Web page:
The primary motivation for this blog is that BPXs should perform all tasks (including those in GP) that can be seen as being included in their role description.  In my opinion, these tasks include building processes in the GP design-time. BPXs shouldn’t have to perform tasks that require information to which they do not access (for example, regarding portal infrastructure) or necessitate development activities (for example, the development of Web Dynpro services) where they have no experience. 

An examination of a possible UI development strategy shows the possible enhanced role of the BPX. In our example, we have a GP process that requires a User Interface (UI) component to meet a particular user requirement. We have at least four possibilities to deal with this requirement.

  1. Use existing UI components that are already present as GP Callable Objects (COs)
  2. Use GP’s inherent form capability (“Web Dynpro Form”, “Data Input Form”, etc.).
  3. Use Visual Composer (VC) to create the UI component
  4. Create of a new Web Dynpro UI component

Of course, the easiest solution is that all four possibilities are performed by a technician or developer based on the design document provided by the BPX. However, I feel that the BPX could very easily perform the first three possibilities.

A closer examination of VC shows that the majority of functionality with the exception of the creation of web service-based data sources could easily be performed by BPXs.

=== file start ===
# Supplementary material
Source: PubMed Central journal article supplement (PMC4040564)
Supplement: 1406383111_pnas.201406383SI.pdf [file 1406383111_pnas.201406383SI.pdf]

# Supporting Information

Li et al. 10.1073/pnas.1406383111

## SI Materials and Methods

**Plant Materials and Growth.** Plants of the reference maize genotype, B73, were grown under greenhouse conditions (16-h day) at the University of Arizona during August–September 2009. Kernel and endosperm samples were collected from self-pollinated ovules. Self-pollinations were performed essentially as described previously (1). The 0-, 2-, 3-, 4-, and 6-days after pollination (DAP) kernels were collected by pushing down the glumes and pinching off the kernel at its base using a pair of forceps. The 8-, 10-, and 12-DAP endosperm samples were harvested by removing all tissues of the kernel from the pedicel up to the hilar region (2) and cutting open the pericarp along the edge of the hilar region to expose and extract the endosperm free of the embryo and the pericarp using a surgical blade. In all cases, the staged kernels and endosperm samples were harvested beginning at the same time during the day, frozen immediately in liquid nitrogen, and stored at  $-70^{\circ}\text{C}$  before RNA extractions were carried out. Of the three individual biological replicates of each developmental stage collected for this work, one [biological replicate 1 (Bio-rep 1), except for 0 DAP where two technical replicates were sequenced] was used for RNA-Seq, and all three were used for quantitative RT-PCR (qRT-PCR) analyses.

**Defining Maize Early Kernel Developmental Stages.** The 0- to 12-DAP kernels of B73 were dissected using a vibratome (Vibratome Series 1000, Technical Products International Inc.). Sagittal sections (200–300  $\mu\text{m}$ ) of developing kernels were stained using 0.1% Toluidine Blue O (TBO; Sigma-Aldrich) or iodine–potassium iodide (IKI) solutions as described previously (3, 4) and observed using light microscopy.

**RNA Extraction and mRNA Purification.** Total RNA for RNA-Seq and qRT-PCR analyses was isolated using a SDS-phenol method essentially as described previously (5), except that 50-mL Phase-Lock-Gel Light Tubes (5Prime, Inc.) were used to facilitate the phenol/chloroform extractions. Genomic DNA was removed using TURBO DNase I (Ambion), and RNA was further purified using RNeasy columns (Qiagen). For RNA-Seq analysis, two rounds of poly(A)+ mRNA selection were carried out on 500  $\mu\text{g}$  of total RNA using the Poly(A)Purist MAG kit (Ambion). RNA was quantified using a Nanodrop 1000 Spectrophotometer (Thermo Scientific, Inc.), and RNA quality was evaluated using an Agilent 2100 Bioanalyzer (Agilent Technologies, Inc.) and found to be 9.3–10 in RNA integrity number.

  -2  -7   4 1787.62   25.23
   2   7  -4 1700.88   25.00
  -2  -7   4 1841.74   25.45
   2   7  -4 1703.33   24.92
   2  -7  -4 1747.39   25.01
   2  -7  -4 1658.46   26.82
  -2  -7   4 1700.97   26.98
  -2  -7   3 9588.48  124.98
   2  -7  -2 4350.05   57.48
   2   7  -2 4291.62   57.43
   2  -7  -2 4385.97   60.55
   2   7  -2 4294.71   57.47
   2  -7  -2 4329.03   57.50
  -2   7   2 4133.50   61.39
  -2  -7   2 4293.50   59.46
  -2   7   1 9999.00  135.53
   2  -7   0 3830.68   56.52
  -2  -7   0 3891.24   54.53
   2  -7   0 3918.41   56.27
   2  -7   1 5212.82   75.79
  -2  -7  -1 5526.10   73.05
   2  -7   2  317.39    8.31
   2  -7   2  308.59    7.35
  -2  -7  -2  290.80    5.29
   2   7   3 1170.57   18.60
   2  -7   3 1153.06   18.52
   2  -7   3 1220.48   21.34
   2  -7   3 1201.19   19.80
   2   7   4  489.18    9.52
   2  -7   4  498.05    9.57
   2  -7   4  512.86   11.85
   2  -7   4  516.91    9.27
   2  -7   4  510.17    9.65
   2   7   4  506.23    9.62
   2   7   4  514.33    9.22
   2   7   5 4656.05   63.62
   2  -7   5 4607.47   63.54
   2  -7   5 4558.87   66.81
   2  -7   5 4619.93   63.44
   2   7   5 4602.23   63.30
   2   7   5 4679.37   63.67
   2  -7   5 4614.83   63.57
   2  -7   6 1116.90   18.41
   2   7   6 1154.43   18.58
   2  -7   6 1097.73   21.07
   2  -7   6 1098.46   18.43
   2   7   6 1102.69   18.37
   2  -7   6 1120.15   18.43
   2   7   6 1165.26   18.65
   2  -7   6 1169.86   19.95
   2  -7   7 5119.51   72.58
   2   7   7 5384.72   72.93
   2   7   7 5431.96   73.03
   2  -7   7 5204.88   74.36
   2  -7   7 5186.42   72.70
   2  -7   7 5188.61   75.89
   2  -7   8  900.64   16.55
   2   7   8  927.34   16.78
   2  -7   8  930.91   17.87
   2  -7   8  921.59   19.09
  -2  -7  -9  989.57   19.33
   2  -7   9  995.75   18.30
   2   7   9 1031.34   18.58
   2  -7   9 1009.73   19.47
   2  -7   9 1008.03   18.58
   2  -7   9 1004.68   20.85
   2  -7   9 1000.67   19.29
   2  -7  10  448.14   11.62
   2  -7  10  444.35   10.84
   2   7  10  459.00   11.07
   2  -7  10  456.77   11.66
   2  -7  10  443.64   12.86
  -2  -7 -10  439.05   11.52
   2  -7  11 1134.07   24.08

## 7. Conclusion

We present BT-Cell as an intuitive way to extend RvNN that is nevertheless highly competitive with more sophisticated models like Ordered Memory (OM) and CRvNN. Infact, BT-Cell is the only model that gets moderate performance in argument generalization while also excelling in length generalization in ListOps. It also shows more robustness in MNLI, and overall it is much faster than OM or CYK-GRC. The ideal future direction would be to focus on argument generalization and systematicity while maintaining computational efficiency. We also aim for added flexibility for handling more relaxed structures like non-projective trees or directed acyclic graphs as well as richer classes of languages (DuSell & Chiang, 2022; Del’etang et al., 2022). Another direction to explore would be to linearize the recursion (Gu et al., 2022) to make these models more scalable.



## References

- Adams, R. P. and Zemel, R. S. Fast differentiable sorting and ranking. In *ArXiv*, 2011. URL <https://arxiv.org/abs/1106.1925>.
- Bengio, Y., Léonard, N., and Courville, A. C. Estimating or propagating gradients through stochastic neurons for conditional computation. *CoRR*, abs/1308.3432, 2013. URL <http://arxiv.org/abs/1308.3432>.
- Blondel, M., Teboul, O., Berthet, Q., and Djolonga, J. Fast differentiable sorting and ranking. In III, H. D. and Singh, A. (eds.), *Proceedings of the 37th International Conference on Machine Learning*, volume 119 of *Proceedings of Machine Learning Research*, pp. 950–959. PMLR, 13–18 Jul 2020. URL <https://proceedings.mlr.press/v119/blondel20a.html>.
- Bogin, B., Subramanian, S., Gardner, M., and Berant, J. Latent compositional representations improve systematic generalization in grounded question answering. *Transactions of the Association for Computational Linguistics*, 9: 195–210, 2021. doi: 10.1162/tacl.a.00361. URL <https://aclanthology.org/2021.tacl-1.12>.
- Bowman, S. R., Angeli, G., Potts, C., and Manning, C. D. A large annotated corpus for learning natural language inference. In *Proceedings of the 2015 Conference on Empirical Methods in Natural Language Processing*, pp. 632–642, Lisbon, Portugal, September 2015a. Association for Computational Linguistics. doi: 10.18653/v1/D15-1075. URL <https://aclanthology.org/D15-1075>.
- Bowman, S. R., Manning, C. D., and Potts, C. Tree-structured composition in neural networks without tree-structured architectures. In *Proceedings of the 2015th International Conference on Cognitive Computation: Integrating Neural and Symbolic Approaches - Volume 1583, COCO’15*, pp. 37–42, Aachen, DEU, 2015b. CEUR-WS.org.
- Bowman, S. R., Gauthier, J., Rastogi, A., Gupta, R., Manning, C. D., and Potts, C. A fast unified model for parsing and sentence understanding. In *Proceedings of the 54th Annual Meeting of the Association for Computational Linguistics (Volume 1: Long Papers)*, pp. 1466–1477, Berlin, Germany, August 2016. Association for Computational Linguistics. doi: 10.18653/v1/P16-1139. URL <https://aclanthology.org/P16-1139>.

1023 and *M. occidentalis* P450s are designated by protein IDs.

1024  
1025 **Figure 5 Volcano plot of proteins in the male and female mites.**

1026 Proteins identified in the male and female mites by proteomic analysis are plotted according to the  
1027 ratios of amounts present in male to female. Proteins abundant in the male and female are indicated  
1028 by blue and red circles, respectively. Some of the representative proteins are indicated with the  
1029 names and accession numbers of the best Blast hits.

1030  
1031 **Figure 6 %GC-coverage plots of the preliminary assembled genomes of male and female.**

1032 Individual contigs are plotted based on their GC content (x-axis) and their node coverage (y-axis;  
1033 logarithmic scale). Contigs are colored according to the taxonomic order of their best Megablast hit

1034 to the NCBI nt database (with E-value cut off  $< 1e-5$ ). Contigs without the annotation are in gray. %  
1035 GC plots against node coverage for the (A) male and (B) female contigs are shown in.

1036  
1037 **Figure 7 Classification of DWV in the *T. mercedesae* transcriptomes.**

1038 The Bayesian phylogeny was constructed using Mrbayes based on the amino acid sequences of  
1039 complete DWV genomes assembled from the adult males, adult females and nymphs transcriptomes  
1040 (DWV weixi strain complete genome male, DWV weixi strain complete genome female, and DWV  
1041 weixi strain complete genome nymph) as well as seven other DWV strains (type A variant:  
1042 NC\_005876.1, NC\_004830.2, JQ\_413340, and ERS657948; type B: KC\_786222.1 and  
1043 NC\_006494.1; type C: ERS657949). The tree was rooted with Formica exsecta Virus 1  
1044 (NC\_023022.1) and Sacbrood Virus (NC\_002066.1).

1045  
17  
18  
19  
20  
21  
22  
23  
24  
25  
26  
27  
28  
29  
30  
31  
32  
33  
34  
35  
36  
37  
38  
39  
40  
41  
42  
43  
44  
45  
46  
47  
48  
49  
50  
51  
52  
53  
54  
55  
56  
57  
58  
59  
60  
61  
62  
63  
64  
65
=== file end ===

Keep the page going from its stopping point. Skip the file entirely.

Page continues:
Regarding GP, the functionality is much more extensive. Thus, it is necessary to examine the functional characteristics of the GP Design-time environment in detail to determine what tasks a BPX might be able to perform.  This examination is based on the assumption that 1) this environment should no longer be viewed as monolithic and 2) the functionality can be divided into BPX-based activities and non-BPX-based activities. 

To deal with the non-BPX-based tasks, I am going to create a new role: GP Technician (GPT). This role is restricted to GP-based tasks that are not able to be performed by the BPX. The actual individual who performs these tasks may be a developer but must also be aware of infrastructure-related system characteristics. For example, this individual must be aware of the location of various services or UI components and must be able to create COs based on concrete technical implementations (for example, a Web Page on a particular portal in the infrastructure).

GP Design time Environment for BPXs and GPTs

There are two possibilities in GP to influence the UI:

  • The visibility of COs

  • The visibility of particular functional elements

Both are configurable via the “Manage permissions” section of the GP Administration navigation area.

As I have suggested in earlier blogs, it is not possible to use non-standard roles in the “Required Permission” select-box. Thus, we must create an appropriate environment based on the three standard roles: “basic”, “advanced” and “expert”.  For our purposes, I am suggesting that BPXs should be assigned the portal role associated with “advanced” and GPTs should be mapped to the portal role associated with “expert”.